During a visit to India in 2014, Amazon chief executive Jeff Bezos made a splashy announcement: His firm was investing $2 billion in the South Asian nation, just a year after beginning operations in the country.
Amazon’s announcement underscored how far India had come to open up to foreign firms. The nation, which had largely kept doors shut to international giants between its independence in 1947 to liberalization in 1991, has slowly transformed itself into the world’s largest open market.
In a televised interview in 2014, Bezos said that there was a perception about India not being an easy place to do business. But Amazon’s growth in the country, he said, was proof that this belief is not accurate.
“Are there obstacles? There are always obstacles. Anywhere you go, every country has its own regulations and rules,” he said.
Six years, and more than $4.5 billion of additional investments later, Amazon today appears to be facing more obstacles than ever in India, the second-largest internet market with more than 600 million users.
Long-standing laws in India have constrained Amazon, which has yet to turn a profit in the country, and other e-commerce firms to not hold inventory or sell items directly to consumers. To bypass this, firms have operated through a maze of joint ventures with local companies that operate as inventory-holding firms.
India got around to fixing this loophole in late 2018 in a move that was widely seen as the biggest blowback to the American firm in the country at the time. Amazon and Walmart-owned Flipkart scrambled to delist hundreds of thousands of items from their stores and made their investments in affiliated firms way more indirect.
Now the nation is set to further toughen this approach. Reuters reported last week that New Delhi is considering making adjustments to some provisions that would prevent affiliated firms to hold even an indirect stake in a seller through their parent.
The Confederation of All India Traders, an Indian trade body that claims to represent over 80 million businesses, told the publication that Indian Commerce Minister Piyush Goyal has assured the organization that it is working to shortly address concerns about alleged violations of current rules.
The forthcoming policy change is only one of the many headaches for the world’s largest e-commerce firm in India.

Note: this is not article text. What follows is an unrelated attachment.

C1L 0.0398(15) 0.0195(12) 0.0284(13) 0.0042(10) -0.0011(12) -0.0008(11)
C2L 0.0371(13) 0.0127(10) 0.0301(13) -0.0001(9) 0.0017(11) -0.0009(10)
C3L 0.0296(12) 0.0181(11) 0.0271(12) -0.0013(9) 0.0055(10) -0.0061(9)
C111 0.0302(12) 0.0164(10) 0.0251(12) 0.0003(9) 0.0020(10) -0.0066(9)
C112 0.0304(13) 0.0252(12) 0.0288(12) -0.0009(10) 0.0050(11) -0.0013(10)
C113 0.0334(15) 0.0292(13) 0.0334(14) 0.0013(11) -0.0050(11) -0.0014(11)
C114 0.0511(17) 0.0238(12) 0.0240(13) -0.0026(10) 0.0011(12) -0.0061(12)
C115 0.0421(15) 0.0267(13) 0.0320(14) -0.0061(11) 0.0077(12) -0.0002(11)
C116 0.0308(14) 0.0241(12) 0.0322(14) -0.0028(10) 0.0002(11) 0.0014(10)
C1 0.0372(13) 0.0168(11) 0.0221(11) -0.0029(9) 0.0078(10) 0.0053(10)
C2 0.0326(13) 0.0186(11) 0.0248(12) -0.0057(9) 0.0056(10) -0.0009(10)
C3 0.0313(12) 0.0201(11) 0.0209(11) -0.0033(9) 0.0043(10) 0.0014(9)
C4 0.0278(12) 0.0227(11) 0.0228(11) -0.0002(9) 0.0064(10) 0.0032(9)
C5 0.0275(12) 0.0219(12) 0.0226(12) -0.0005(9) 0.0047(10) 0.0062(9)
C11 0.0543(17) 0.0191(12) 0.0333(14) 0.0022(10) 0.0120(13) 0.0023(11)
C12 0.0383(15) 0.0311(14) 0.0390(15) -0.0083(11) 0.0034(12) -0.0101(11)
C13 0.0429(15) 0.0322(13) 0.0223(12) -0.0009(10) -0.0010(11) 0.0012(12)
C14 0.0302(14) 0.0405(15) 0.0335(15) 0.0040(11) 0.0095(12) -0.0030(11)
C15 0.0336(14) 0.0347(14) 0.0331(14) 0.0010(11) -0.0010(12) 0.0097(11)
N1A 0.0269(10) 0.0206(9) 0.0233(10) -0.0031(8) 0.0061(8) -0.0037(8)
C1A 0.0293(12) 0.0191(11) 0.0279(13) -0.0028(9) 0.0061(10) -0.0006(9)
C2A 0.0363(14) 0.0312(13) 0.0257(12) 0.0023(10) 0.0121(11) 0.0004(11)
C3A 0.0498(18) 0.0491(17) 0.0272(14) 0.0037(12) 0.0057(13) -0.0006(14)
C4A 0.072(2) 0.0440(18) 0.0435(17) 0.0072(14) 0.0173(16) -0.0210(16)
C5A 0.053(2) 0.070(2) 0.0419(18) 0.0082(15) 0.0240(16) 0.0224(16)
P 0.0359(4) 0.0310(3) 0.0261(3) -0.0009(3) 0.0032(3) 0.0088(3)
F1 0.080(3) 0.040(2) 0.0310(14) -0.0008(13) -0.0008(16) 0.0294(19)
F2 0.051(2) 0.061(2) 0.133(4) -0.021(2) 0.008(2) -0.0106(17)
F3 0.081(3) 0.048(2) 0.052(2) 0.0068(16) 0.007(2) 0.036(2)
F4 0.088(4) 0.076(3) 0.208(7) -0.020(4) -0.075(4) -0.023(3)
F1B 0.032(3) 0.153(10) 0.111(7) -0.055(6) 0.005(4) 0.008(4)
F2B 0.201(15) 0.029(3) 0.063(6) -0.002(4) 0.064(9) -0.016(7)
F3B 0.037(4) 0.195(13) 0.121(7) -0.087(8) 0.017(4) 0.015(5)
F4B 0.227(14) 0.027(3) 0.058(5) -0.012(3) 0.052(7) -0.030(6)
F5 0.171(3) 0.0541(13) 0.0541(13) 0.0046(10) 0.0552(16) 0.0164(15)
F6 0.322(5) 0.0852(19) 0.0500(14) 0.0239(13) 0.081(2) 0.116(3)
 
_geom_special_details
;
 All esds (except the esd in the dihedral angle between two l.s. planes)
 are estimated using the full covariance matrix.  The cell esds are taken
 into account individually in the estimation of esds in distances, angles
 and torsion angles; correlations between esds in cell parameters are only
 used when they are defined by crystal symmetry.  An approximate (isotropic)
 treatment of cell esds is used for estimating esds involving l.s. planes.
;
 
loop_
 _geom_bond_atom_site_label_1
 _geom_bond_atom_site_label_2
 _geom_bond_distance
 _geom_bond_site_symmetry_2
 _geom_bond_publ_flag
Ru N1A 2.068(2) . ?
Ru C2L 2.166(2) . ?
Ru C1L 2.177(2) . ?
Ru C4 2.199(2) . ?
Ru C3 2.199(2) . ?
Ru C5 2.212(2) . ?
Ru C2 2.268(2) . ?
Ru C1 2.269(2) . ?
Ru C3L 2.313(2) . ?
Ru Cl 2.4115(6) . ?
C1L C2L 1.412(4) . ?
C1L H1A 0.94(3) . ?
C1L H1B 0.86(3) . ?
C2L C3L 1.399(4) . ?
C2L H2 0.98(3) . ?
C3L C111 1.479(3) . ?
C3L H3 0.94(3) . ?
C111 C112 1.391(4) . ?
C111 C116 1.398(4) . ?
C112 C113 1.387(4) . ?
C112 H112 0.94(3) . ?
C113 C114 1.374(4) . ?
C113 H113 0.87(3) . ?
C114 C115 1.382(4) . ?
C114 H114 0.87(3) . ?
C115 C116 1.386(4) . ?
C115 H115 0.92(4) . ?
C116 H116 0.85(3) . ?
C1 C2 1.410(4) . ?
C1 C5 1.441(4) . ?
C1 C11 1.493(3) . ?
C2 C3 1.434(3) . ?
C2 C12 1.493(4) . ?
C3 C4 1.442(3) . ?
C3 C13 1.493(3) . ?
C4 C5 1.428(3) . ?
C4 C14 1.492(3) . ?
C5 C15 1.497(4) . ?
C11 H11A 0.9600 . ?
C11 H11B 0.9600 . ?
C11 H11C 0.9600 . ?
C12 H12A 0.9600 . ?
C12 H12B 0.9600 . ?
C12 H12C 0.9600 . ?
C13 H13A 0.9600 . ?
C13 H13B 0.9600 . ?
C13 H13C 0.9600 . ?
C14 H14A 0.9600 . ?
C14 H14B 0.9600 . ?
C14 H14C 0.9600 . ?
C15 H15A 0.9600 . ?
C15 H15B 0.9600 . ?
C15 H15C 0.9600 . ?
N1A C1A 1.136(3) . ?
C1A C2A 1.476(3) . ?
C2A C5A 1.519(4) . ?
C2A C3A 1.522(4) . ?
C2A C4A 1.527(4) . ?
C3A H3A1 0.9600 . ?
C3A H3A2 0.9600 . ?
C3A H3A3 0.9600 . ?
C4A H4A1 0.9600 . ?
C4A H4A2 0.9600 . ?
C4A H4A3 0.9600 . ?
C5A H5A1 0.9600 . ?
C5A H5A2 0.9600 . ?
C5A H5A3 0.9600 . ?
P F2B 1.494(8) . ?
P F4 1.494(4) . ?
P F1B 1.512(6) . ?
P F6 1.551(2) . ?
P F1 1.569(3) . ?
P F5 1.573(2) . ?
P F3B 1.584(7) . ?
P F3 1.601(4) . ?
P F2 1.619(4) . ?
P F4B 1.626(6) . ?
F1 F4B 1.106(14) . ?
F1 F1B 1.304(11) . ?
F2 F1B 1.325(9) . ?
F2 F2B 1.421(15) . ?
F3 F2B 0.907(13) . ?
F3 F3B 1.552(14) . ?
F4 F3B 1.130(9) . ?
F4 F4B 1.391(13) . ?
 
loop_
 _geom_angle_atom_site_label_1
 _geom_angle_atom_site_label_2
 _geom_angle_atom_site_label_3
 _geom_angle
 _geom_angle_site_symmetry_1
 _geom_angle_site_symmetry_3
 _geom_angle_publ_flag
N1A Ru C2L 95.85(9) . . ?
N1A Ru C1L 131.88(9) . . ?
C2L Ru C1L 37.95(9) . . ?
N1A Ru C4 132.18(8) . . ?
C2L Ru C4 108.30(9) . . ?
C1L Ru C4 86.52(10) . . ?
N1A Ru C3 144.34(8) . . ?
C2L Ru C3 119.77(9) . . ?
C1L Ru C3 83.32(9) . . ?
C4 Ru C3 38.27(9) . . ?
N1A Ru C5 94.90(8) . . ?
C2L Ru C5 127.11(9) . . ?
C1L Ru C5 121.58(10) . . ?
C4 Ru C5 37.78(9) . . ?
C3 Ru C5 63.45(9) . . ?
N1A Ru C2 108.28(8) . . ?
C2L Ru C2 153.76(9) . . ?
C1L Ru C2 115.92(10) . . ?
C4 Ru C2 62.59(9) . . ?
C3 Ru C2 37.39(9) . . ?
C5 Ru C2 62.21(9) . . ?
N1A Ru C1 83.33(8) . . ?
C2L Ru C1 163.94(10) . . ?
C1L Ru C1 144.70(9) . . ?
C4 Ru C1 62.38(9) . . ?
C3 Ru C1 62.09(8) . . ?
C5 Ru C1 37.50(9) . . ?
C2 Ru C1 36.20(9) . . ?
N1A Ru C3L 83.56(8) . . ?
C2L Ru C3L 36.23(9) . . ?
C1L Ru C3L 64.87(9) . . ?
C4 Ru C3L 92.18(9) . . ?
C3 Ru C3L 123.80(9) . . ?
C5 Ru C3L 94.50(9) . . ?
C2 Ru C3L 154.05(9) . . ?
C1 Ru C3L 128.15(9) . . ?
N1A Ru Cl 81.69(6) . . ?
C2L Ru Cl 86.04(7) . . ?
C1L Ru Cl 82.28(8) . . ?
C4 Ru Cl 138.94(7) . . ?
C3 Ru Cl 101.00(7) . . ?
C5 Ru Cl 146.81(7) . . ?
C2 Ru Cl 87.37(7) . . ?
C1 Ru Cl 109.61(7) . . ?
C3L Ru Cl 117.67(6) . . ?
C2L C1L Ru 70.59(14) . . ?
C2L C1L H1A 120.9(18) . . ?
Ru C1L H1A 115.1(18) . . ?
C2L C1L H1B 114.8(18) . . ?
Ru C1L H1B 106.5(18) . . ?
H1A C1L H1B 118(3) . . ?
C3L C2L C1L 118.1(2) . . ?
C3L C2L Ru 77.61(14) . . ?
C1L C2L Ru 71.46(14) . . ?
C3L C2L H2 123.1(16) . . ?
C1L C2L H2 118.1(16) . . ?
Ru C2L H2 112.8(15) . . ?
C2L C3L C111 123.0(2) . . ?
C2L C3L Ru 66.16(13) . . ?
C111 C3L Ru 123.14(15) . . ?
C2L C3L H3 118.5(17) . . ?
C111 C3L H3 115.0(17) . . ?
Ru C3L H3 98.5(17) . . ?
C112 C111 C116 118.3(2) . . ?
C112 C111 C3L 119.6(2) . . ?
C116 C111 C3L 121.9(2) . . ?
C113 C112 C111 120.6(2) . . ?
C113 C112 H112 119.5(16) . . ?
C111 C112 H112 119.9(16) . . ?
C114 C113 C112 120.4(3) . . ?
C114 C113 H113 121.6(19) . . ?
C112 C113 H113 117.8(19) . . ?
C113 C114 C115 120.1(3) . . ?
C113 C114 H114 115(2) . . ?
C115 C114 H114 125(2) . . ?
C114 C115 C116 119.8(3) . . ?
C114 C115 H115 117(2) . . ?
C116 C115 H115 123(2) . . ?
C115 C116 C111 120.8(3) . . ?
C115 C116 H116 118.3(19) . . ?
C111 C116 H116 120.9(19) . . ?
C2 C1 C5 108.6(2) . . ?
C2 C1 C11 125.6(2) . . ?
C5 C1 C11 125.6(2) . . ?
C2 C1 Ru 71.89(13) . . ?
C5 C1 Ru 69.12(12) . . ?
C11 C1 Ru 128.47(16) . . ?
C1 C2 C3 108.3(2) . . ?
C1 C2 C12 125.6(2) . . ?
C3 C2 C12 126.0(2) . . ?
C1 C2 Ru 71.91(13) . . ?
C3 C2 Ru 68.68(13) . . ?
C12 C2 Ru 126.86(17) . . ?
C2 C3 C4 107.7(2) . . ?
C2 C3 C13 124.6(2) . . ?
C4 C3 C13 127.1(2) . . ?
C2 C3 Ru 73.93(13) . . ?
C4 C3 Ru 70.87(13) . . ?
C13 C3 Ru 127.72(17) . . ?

Offline retailers in India have long expressed concerns about what they allege to be unfair practices employed by Amazon in India. Last year, during Bezos’ visit to the country, they held several protests. (Photo by SAJJAD HUSSAIN/AFP via Getty Images)
Amazon is aggressively fighting a battle to block a deal between its estranged partner Future Group and Reliance Retail, the two largest retail chains in India.
Last year, Future Group announced that it would sell its retail, wholesale, logistics and warehousing businesses to Reliance Retail for $3.4 billion. Amazon, which in 2019 bought stakes in one of Future Group’s unlisted firms, says that the Indian firm has breached its contract (which would have given Amazon the right to first refusal) and engaged in insider trading.
Despite technology giants and investors ploughing more than $20 billion to create an e-commerce market in India in the past decade, online retail still accounts for only a single-digit pie of all retail in the country.
In recent years, Amazon, Walmart and scores of other startups have embraced this realization and sought to work with neighborhood stores that dot tens of thousands of cities, towns and villages in India.
With Reliance Retail and telecom giant Jio Platforms, two subsidiaries of one of India’s largest corporates (Mukesh Ambani’s Reliance Industries) entering the e-commerce market, and receiving the backing of global giants including Facebook and Google last year, cornering a big stake in Future Group is one of the few ways Amazon can accelerate its growth in India.
The American e-commerce firm has had little luck so far in overturning the deal between the Indian firms. Last year, Amazon reached out to Indian antitrust body Competition Commission of India, and market regulator SEBI to block this transaction. Both the bodies have ruled in favor of Future Group and Reliance Retail.
Amazon must have foreseen this outcome because it initiated the legal proceedings at an arbitration court in Singapore. It’s no surprise that the firm chose to also pursue its legal argument outside of India.
Most cases that reach the Singapore International Arbitration Court have come from India in recent years. Vodafone, which has invested more than $20 billion in India, and has been dealt with billions of dollars in unpaid taxes by the country, is another high-profile name to have knocked on the door in Singapore. After losing in India, it emerged victorious in the Singapore arbitration court last year.
Amazon on Monday filed a new petition in Delhi High Court in which it is seeking to enforce SIAC’s ruling (which ordered last year that the deal should be temporarily halted) and prevent the Indian firm from going ahead with the deal based on CCI and SEBI’s judgements.